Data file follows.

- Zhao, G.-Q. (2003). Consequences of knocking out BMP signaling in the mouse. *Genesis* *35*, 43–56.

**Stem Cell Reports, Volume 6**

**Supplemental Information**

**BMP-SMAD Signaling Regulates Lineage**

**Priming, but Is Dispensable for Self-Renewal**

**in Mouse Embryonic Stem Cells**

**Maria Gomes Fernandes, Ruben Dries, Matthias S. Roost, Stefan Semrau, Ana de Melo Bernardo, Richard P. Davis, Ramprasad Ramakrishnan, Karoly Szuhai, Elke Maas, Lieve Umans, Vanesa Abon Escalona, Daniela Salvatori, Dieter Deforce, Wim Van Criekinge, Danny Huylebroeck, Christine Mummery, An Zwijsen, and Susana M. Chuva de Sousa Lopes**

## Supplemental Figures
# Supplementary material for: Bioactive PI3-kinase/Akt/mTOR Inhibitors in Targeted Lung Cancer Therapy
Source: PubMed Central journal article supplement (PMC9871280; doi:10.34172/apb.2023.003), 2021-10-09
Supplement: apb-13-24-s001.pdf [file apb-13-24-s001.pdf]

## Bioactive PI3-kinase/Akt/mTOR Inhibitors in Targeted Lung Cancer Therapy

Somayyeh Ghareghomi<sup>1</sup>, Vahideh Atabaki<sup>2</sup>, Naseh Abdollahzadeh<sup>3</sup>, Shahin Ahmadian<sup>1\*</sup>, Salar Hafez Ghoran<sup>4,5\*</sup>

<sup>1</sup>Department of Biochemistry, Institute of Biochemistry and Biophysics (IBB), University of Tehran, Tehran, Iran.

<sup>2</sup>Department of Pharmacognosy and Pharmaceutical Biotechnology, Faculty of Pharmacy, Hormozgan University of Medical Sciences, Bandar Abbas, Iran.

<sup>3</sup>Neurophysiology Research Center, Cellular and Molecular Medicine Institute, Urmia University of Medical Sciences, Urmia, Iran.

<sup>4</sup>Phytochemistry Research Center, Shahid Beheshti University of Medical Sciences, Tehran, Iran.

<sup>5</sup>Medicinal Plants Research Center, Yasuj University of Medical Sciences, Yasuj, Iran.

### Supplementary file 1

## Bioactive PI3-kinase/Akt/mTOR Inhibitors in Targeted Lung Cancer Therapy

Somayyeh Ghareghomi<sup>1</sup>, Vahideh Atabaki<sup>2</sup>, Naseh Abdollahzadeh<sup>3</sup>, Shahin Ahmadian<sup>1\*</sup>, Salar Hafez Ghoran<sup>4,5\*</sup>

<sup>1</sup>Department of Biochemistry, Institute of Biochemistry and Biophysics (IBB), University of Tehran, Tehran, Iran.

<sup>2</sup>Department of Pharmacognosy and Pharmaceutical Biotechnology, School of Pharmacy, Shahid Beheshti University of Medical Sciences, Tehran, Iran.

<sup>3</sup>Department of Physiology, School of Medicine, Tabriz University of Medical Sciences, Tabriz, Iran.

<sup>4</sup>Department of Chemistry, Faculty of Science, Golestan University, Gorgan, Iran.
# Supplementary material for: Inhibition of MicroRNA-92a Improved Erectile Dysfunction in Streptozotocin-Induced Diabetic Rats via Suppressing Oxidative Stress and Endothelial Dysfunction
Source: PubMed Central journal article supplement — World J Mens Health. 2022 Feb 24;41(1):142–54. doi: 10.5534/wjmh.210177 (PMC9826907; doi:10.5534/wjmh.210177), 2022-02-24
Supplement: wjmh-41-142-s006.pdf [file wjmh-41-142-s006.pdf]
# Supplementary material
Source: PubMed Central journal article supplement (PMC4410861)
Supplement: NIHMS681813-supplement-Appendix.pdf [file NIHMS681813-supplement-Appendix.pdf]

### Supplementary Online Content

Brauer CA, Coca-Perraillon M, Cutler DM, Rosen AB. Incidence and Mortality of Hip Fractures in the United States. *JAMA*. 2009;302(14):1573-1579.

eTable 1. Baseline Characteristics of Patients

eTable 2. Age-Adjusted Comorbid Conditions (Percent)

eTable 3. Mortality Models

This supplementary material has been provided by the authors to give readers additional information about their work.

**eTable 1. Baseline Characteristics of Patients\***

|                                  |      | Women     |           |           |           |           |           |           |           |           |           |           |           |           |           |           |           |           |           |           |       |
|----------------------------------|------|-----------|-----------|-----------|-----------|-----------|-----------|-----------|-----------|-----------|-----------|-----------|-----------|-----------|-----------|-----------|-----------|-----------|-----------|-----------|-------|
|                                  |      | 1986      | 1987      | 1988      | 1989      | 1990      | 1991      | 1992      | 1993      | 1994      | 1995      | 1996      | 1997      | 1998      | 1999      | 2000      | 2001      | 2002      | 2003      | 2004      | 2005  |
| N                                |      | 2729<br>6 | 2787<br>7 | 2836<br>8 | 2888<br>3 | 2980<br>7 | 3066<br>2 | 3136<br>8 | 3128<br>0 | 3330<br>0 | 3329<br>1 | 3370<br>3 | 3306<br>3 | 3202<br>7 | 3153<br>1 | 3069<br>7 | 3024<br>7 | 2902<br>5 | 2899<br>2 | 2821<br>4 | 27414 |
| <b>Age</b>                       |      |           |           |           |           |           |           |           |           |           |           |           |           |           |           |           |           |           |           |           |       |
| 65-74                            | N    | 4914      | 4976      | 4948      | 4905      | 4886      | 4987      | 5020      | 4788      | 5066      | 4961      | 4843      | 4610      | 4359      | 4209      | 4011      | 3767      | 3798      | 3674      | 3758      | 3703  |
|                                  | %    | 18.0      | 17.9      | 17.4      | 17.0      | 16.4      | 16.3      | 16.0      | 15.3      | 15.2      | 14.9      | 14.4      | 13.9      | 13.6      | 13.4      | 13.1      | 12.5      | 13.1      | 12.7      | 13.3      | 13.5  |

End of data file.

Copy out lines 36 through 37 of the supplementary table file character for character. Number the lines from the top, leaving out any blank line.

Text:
eTable 3. Mortality Models

This supplementary material has been provided by the authors to give readers additional information about their work.